Being emotionally healthy means to be able to pursue and meet one’s emotional needs in a balanced, measured manner. Raising a healthy child means to consistently meet the child’s basic needs and, as the child grows, to help her develop the necessary skills for meeting such needs on her own. Children copy the ways their parents treat them, which eventually shapes their understanding of self-care. When your childhood need for love, emotional support, and recognition goes unmet, the resulting trauma can linger and last well into your adult life.
Even if you manage to block it out for a while, the trauma will remain unresolved. The stress and difficulties of an adult life may eventually cause an emotional upheaval that may bring you back to your childhood experiences. Still, unresolved childhood trauma can be healed. And you can start the healing process by recognizing your unmet needs as a child and by reaching out to and embracing that child.
A child’s needs, whether physical or emotional, should come first. Such needs include security, stability, care, acceptance, and self-realization. Children must be able to express their needs and emotions without fear, to set their own boundaries and autonomy (ability to act on one’s own thoughts and feelings), and to enjoy their personal space while being able to be spontaneous and playful. Your coping mechanisms may have been effective enough for a child, but for an adult, they may prove insufficient. Even if you push your memories aside, to the point of not being conscious of them, they will continue living deep inside you, repressed and unresolved. Your mind will thus activate the mechanism of repression. There are several reasons for such activation:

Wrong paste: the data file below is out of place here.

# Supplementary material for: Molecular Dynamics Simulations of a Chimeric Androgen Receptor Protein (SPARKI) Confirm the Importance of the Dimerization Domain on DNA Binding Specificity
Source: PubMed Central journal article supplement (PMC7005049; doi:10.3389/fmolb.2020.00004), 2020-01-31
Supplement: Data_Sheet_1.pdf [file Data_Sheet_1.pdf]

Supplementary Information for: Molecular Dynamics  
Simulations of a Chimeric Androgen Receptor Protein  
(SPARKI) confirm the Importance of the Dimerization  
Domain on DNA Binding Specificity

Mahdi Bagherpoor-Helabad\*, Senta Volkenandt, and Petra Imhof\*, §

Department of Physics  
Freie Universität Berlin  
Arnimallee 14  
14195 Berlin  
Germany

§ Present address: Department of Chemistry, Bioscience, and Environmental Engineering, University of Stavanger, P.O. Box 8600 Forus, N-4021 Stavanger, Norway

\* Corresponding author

- You may seek to repress your anger over your unmet needs as a child.
- You may want to repress any symptoms of your childhood trauma that spill out when you are stressed.
- If, however, you were overly protected, with some of your needs having been excessively provided for at the expense of others, you may feel like suppressing your sense of inadequacy caused by the lack of your personal autonomy and boundaries.
- Due to the trauma, you may become biased in your choices of friends or partners.
Children are directly affected by the adults around them, and they can experience the adults’ emotions as if they are their own. As a result, a child may exhibit maladaptive emotional and behavioral traits, arising from the child’s temperamental responses to her formative environment.
You may be able to understand better the challenges and negative emotions you have experienced as an adult if you consider your inner world as having more than one layer and your inner voice as having internalized the voices of those around you. Some parts of your inner world may have resulted from your traumatic childhood experiences, representing a traumatized child, or a frustrated and impulsive child, or a happy child. As an adult, you may also have some parts of you representing a demanding parent, or a critical and punitive parent, or a healthy parent. If you experience a certain emotion as a response to a specific circumstance, you may passively activate one of these inner parts of yourself. You may, for example, trigger your inner angry, sad child. Or you may activate inside you an excitable kid instead. Try to communicate with this child through your inner voice, as a parent would do. By listening to your inner child, you may understand better the pain or anger you may feel over the unmet emotional needs, thus making your first step towards healing. After you identify where this pain comes from, reassure your inner child that it is safe now, by using the inner voice of a kind and loving parent inside you.
Try to bring together in your imagination your triggered inner child and the healthy adult in you. Practice self-compassion and self-care, and find a balance between your inner voice and your environment. When you are at peace with your inner child, you are at peace anywhere.
Psychological Counselor, Msc
She received training in several therapeutic modalities as part of her postgraduate Psychological Counseling and Guidance studies at the Bahçeşehir University. After completing her master’s degree, she worked as a school counselor, providing guidance and therapeutic support to younger and older students, and their families. She has currently returned to her post-professional training, specializing in the schema therapy techniques for adults and adolescents.